If a creditor sends you a 1099-C is the debt 'forgiven' and how will it appear on your credit report?

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  • The debt is forgiven and sooner or later a notice will appear on the CR. This is not a plus for you rating though. Then there is the IRS involvement gains, losses, blah, blah, blah.
  • It may not be good for your credit report but it is much better than the overdue debt that you had.
  • The IRS form 1099 is used by various entities to report income that they have perceived you have earned. Example: Blah Bank issues you a credit card. You run up $2,000 and never pay. After some time Blah Bank will issue a 1099 to you. They are also reporting the $2000 as income you have earned, to the IRS. A 1099 can be a blessing because no one elsae can come after you for the $2,000, the bad side is that now you may have to pay income tax on the $2000.
  • The IRS requires financial institutions to report to them the amount of principal they charge-off for individual borrowers. It is only to be filed after you have stopped collection activity and there has been no payment activity on the account for three years. This is not a way for financial institutions to try and collect further. It is an added burden on them to track these conditions and find the records when they meet the criteria for filling. The financial institution had written the debt off years earlier.
  • The state law effect of a form 1099-C varies. Connecticut views it as a signed writing that releases the claim, California does not. Kansas views it as having discharged the claim, but the reasoning of the judge in that case was flawed. In any case where a debtor has defenses to assert against a creditor's claim, SOL should be the last one used because its successful use triggers the requirement for the creditor to issue a form 1099-C. If a defense such as lack of documentation is successful, the 1099-C issue is never reached.

More information for consumers
If you're receiving one of these, it is in most cases for one of two reasons (my answers are based on the most common form of consumer debt, credit cards--banks may also issue 1099-c forms for mortgages, defaulted student loans, etc.--I have no idea. My post is about credit cards or other debt not related to education or major purchases that require financing):

1.) You have a debt that was never paid, or partially paid, sold to a collection agency who still couldn't collect, etc. Whatever--point is, whoever owns the debt is writing it off as a loss. This is not very common because unless you file for bankruptcy, most collection agencies or banks won't simply "give up" on you. If anything, they'll file for a judgment against you for the debt, interest, collection costs, capitalization fees, etc. It is very unlikely that you're receiving a 1099-C simply because the bank said "ah, lets write this one off." With the problems lenders are having these days, no bank is going to surrender debt as a loss. or,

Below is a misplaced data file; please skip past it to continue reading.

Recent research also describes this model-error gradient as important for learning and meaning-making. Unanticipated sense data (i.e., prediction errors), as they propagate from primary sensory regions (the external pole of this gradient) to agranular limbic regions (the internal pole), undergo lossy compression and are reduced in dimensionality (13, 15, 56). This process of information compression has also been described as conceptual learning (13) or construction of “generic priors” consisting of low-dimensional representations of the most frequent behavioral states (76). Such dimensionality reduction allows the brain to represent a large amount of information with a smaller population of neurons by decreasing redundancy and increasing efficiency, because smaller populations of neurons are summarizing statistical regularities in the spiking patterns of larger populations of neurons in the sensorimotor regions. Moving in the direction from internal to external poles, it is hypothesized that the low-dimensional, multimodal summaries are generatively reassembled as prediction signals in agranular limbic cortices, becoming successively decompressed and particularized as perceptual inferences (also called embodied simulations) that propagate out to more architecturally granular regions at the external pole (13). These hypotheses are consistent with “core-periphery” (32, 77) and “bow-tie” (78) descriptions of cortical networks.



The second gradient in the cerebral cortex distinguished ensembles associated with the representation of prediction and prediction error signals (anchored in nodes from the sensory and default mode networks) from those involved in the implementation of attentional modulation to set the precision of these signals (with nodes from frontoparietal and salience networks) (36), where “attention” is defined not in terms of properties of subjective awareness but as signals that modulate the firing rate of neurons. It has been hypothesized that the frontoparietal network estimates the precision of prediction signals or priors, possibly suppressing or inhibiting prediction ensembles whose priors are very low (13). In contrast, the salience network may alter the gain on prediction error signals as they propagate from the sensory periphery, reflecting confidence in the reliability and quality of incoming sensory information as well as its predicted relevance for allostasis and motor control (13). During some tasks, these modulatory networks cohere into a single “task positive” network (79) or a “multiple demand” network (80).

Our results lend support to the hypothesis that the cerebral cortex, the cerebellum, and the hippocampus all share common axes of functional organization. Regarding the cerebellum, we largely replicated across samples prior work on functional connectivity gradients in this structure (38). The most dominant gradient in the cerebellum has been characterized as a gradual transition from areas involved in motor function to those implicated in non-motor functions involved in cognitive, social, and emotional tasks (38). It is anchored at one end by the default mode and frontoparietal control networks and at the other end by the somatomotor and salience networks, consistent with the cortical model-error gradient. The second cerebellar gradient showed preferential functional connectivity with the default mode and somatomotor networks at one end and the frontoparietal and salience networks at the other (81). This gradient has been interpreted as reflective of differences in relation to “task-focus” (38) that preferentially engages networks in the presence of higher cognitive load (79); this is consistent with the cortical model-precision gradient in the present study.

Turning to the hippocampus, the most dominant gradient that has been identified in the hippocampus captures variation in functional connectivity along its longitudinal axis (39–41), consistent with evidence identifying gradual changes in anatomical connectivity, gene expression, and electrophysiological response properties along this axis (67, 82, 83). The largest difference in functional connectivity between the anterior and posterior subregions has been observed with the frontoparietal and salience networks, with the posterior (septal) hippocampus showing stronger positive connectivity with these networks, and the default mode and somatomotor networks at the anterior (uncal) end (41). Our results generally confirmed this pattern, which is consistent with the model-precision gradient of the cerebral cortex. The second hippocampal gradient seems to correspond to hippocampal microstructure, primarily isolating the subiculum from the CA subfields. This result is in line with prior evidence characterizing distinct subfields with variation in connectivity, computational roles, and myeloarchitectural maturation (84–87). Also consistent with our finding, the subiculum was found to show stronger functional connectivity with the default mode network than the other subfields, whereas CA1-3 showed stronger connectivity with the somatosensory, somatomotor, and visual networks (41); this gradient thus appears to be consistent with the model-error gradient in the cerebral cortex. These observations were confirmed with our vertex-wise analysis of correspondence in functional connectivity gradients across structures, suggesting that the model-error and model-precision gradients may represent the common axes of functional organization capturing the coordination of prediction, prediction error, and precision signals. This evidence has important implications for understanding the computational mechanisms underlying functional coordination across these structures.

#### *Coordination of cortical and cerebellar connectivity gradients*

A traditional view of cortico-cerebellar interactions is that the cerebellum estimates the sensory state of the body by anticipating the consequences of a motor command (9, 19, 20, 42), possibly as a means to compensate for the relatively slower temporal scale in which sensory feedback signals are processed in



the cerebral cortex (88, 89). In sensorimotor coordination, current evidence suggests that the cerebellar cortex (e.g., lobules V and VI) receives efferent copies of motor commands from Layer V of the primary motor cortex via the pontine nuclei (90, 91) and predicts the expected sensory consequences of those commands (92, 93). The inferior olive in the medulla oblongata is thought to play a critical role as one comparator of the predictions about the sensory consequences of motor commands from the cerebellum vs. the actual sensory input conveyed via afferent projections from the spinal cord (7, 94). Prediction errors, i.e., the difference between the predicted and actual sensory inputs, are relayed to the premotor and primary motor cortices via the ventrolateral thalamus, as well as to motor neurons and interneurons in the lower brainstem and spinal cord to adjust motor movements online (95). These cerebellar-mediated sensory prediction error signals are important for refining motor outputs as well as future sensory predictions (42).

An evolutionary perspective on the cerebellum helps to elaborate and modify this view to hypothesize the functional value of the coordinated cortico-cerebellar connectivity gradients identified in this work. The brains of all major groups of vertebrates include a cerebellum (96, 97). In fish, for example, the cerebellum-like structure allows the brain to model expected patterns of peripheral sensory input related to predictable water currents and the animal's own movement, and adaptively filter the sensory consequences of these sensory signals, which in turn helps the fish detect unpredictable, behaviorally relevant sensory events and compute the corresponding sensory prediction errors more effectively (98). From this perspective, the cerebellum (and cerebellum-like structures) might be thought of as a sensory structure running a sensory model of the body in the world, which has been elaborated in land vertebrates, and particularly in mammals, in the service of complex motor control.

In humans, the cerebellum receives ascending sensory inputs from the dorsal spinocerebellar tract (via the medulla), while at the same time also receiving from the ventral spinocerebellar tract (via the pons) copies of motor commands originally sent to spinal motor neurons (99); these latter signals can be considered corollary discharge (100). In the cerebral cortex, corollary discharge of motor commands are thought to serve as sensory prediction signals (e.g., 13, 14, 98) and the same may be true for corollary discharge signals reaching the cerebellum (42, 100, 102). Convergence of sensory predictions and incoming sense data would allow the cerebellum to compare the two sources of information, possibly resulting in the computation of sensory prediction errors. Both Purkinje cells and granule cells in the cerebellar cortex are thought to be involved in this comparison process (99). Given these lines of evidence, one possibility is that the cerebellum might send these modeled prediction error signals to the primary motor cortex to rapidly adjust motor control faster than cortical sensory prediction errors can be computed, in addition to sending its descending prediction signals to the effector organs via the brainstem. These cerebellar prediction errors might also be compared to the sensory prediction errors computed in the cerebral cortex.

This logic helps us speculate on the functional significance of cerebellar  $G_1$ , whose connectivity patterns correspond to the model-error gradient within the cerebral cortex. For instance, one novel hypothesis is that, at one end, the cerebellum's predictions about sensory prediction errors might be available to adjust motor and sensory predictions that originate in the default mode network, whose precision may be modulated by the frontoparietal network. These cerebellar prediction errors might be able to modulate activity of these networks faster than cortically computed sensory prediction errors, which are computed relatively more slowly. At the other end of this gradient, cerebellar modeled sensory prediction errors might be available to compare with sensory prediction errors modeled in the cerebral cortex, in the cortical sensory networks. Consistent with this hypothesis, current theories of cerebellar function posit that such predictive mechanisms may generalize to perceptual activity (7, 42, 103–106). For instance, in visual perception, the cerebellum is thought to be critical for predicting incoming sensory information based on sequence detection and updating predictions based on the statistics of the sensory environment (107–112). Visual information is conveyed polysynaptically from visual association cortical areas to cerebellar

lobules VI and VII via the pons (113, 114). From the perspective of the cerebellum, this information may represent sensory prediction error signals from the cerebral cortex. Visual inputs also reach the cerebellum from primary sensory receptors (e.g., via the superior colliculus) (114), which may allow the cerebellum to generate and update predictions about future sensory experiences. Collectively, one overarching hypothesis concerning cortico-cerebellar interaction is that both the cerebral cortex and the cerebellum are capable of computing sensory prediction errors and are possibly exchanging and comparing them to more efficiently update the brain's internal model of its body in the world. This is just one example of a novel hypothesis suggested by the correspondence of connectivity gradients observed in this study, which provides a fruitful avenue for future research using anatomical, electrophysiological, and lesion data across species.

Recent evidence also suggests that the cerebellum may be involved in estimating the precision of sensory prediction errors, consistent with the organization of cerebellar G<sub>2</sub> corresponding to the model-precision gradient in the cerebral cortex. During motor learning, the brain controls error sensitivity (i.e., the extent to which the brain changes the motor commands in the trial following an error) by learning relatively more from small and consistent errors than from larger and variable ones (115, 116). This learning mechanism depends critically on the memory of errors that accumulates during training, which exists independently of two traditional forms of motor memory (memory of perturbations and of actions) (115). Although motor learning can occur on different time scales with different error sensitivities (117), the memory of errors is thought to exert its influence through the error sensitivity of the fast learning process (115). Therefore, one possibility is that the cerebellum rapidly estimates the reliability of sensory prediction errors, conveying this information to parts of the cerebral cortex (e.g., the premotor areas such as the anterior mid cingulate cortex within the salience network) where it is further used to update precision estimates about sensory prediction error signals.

2.) You had a collection agency or bank hounding you for money. Hopefully you were smart enough to pay them off with a lump sum instead of making payments that merely cover the interest. Anyway, if you were even smarter, you realized that the principal of the original debt (say it was a $5,000 credit card) was like 33% of the amount they were now demanding, and you cut a "deal" to close the case. Well, say it was a $5,000 credit card, they were demanding $13,500, and you gave them $10,000 to call it even. Well, the difference between the "demand" and your "settlement" is considered taxable income by the government. You have to pay income taxes on that $3,500 that you "gained."

Please note--some exceptions do apply--please refer to IRS form 982 (Google it) because there are ways to avoid paying these taxes. Most commonly, if you were insolvent at the time of the settlement (not bankrupt, insolvent) meaning your current liabilities (loans, debts, bills, etc.) outweighed your assets (income, savings/checking accounts, other assets like house, car etc.) you do not have to pay the tax---the theory being that the debt was written off because you couldn't pay. Now if you are making $200k driving a Lamborghini with a beach house and a loft in Manhattan, this would obviously not apply. This is for the people who don't pay off bills, or negotiate settlements for partial payment to close the case, simply because they cant afford to pay off the whole bill.

P.S. -- When you negotiate to settle an account, you can negotiate for whatever additional terms you want (nobody guarantees you will get those terms, or that those terms will be honored, but you can try). Potentially the settlement agreement could recite that the amount the creditor is claiming is doubtful and disputed an as a result no 1099-C form will be issued. You could also negotiate that the creditor will not communicate further with credit reporting agencies about the account for any reason whatsoever (keep in mind that "pay for delete" where they actually take it off is much more difficult to obtain), a result that leaves you in control of the reporting and doesn't alert other creditors that you are "putting out" ... (and you should wait to dispute the account until all other defaulted accounts are settled or past the statute of limitations). Ideally, you would also negotiate for a liquidated damages clause in case they fail to honor their agreement so there would be no argument over what they would have to pay you if you took them to court, but good luck getting that one.
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If you settled a debt for less than the full amount and received a 1099-C for the rest of the debt how should this appear on your credit report?

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Is a 1099 a considered debt forgiven?

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